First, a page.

To those of you who have happened to wander around New York City, you may have happened to come across black and white murals placed in unexpected places. These pieces exemplify movement imprinted on the most immobile of places: a wall. Recently, I found myself staring at one - this time the virtual interactive kind - my computer screen. Getting ready to speak with artist WK, the architect of those fascinating works of art that transport me right back to New York City.
by Valentina Di Donato
WK (aka WK Interact) born in Caen, France has been based in New York City since the early 90’s. His work is heavily influenced by his surroundings becoming site specific, and the images he uses are inspired by the environment, architecture, people and vibe of the area. Always fascinated by the human body’s movement, he has developed a command for capturing energy in his still images. His method demands the manipulation of an original drawing or photograph while it is being photocopied, the final result is a black and white piece that tells a story that exudes power and force.
When I sat down to speak with WK, I got familiar with his process, what inspires him and his love affair with New York City.
WK, the self proclaimed “French New Yorker” told me about the trip that revolutionized his approach as an artist, “I was 17 when I first experienced New York City, it created such an impact on me, it was like it stabbed me and never left me even when I returned to my small little French town. I decided to create something that gave the same sort of impact that New York had on me. This is a 24 hour, non stop city, a city that is very black and white, cold and warm, that trip completely restructured something in me.” The feel, look and grit of the city is the core of his esthetic and the polar opposite of his native south of France, “nothing of my work is traced to France, the colors, the fear, the struggle is not French. I grew up in a place that was kind and warm.”
WK’s approach is layered and nuanced in both technique and depth – and his ideas from the beginning of his prolific career have pushed the boundaries even within the art community. “I sat down and thought of the direction I wanted to move in and where I should go next with my work. I thought about working with brands, sports, interacting more with the public, working with different cultures and reaching out to different generations. It is what I think is the most important thing in terms of street art. I use the streets as an installation for my art, as an attraction for the public and ultimatly interact with them.”
The soul of a city has often been seen through the local architecture, but it has become increasingly true that those same city walls have turned into the artist’s canvas. “I always wondered why you had to pay to get into a museum, I believe that work should be free to see, that’s why I like the streets, it is there for everyone.” WK creates opportunities for people to really live his works of art, hence his name WK Interact.
The transition of art and who has access to it, has been shifting drastically over the last decade thanks to technology and the consequential democratization of art, “The trend grew so much, even artists who were historically in galleries said ‘fuck it – I’ll go out and paint in the streets like those idiots’ so street culture went from a few artists to hundreds of thousands of artists. Book editors, galleries, museums, and the people who managed these spheres, the well dressed men with cigars realized that now they were having trouble, the model has changed. The young crowds are coming in, the music is changing, the branding has changed, the museums are changing – they are now saying to themselves, let’s get these underground people to come in and get people excited to come to our spaces. That has been happening over the last 15 years, the old school world is getting kicked and they have not been prepared for that.” Street art is disruptive by nature, it was born that way. In the era where being a changemaker makes you a tastemaker, it seems as though these artists will have a new place at the table. WK is an example of this, he has collaborated with fellow urban street artists like Shepard Fairey in the “East Vs. West Propaganda Project” and major corporations like BMW, Adidas, Nike and athletes like Kobe Bryant, mixing the street scene with the commercial scene.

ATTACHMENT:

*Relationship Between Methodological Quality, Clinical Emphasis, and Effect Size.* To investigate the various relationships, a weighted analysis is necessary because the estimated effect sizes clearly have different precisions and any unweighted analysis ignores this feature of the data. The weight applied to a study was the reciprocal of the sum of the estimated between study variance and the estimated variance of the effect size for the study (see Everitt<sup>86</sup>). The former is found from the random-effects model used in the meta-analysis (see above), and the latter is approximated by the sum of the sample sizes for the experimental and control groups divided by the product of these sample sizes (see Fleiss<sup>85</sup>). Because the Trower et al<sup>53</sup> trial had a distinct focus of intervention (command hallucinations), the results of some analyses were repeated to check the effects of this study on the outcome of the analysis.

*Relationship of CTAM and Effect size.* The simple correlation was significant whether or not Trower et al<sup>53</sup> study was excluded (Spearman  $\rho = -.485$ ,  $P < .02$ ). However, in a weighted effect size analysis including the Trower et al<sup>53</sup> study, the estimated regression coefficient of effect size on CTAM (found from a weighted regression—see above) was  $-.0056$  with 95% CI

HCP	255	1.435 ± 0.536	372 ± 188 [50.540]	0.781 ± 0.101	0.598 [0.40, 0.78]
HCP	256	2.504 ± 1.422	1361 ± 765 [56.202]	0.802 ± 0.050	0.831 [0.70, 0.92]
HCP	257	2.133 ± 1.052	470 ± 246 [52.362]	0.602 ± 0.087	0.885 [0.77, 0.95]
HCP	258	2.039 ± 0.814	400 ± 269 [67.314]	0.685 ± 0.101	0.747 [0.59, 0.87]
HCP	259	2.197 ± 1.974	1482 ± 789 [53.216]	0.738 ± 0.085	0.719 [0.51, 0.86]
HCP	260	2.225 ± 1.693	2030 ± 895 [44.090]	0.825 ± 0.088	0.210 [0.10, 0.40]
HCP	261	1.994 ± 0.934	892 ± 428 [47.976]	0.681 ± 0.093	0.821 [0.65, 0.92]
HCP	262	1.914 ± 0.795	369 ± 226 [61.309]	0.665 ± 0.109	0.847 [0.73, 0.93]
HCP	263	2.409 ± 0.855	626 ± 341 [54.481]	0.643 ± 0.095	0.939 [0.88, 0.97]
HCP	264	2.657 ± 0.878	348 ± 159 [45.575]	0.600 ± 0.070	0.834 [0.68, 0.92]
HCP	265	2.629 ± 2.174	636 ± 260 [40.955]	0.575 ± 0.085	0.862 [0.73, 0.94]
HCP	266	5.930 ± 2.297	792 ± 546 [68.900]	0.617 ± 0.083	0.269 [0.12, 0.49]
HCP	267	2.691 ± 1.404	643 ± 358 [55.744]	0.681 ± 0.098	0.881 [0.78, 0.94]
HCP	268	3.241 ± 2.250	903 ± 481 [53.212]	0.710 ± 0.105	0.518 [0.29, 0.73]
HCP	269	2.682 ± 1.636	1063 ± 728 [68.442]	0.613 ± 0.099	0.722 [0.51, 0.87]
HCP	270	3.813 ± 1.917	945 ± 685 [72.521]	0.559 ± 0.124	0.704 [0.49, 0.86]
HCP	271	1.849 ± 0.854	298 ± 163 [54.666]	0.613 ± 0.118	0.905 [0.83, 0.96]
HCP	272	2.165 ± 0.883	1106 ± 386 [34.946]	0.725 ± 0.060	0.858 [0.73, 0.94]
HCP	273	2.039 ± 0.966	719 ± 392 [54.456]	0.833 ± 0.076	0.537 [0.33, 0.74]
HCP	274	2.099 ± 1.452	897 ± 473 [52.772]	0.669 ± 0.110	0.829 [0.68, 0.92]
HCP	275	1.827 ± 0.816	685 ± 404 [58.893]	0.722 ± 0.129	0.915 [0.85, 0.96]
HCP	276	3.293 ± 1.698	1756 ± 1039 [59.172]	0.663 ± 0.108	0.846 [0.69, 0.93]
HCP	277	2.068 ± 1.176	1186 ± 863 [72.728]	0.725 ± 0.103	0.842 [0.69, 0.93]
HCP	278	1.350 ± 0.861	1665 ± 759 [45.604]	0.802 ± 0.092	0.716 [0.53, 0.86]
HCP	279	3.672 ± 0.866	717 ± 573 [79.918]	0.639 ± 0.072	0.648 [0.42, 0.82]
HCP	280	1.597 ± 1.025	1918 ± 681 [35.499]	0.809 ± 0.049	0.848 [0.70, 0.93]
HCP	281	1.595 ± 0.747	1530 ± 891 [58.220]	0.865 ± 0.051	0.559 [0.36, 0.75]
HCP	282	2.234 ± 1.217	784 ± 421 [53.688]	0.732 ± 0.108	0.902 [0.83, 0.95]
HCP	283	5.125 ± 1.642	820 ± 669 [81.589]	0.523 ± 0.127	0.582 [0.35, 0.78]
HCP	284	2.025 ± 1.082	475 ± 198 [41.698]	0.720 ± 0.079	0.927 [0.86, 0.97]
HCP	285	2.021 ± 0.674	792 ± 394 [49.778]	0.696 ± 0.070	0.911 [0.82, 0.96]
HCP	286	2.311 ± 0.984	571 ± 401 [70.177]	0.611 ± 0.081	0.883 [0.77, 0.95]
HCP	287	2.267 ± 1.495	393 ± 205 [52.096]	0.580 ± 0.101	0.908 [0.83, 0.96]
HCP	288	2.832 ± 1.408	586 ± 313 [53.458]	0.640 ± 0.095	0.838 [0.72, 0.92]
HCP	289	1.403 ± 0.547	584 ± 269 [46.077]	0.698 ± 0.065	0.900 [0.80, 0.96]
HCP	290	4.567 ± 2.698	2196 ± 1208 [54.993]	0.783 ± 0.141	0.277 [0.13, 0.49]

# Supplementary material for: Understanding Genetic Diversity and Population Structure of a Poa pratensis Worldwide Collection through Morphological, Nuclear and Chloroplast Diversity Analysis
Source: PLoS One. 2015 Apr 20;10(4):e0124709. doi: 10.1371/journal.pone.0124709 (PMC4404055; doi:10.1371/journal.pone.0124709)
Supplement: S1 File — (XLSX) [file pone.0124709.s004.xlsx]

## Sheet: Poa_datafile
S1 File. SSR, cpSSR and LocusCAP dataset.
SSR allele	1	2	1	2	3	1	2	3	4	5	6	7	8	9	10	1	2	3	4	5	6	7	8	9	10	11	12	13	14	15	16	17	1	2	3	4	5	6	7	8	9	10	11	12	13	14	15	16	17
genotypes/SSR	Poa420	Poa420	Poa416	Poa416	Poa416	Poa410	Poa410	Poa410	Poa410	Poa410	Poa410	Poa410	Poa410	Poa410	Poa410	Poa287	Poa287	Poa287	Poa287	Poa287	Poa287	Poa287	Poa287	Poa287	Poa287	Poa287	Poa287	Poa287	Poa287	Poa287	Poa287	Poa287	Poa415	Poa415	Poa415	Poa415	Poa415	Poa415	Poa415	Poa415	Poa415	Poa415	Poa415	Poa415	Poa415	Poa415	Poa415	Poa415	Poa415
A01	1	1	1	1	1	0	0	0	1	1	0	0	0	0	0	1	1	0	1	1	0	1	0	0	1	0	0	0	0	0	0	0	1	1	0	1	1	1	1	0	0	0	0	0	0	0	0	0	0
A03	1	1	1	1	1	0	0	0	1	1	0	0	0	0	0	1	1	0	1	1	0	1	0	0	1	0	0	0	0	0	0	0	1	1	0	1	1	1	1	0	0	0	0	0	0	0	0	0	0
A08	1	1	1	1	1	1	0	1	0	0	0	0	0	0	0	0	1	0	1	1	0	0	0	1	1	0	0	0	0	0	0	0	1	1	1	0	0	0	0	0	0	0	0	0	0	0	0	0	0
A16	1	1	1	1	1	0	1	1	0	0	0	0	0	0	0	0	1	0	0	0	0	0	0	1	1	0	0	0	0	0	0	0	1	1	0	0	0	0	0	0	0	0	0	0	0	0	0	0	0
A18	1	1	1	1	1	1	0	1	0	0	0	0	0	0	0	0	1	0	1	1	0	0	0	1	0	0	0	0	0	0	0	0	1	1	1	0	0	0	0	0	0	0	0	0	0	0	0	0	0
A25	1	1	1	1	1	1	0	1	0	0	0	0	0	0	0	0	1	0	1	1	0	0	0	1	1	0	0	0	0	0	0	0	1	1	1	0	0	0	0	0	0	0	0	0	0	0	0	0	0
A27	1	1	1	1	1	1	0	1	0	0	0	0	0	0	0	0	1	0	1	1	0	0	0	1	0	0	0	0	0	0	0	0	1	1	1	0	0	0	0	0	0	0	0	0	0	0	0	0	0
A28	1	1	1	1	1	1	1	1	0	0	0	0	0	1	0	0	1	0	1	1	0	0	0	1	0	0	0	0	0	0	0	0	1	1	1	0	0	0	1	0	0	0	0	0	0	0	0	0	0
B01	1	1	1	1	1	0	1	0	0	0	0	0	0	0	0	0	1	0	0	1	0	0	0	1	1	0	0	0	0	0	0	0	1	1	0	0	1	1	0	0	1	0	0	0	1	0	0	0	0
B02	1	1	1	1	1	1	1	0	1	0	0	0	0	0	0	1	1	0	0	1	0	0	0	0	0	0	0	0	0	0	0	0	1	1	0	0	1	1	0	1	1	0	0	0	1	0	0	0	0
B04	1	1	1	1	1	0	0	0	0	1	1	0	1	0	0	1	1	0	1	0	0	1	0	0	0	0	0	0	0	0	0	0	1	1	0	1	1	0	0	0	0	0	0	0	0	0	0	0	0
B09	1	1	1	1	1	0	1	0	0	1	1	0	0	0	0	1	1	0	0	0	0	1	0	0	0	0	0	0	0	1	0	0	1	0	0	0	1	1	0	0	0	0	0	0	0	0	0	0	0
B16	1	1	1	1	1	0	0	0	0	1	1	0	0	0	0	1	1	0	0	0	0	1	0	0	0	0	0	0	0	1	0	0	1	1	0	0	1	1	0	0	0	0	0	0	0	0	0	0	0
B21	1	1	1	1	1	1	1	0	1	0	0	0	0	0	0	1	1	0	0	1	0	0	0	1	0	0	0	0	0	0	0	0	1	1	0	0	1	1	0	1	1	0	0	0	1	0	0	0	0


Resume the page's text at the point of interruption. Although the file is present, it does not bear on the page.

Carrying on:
Despite WK’s American success story, the self made artist who now boasts a success that many artists could only imagine attaining, is nostalgic for the past. “People today say to me, wow you did it, now I am working with big brands, but the best phase for me was when I was struggling with my stolen bike, using leftover paint, borrowing a projector and waking up at 5 in the morning, this was the best time for my art. When you suddenly succeed, you have money, space, you have a tendency to be comfortable. You don’t have a need to push anymore, and slowly your work dies a little.”
I wondered, is there a remedy for this? How do you go about achieving your defined success and then sustain it? “As an artist you tend to look at what people previously did. But the interesting thing is you mostly need to look into yourself, you have to look deep inside yourself. Question yourself, your thoughts, ideas, dreams, hopes – you need to group all of this together, you need to know why you are capable of doing things that others are not or why others can do things that you can’t – what is holding you back. I think the most beautiful part of living on this planet is not necessarily just to find what is going to make you known and popular, but it’s that defining moment of hard work and struggle that ultimately makes you succeed. This is the best period for an artist.”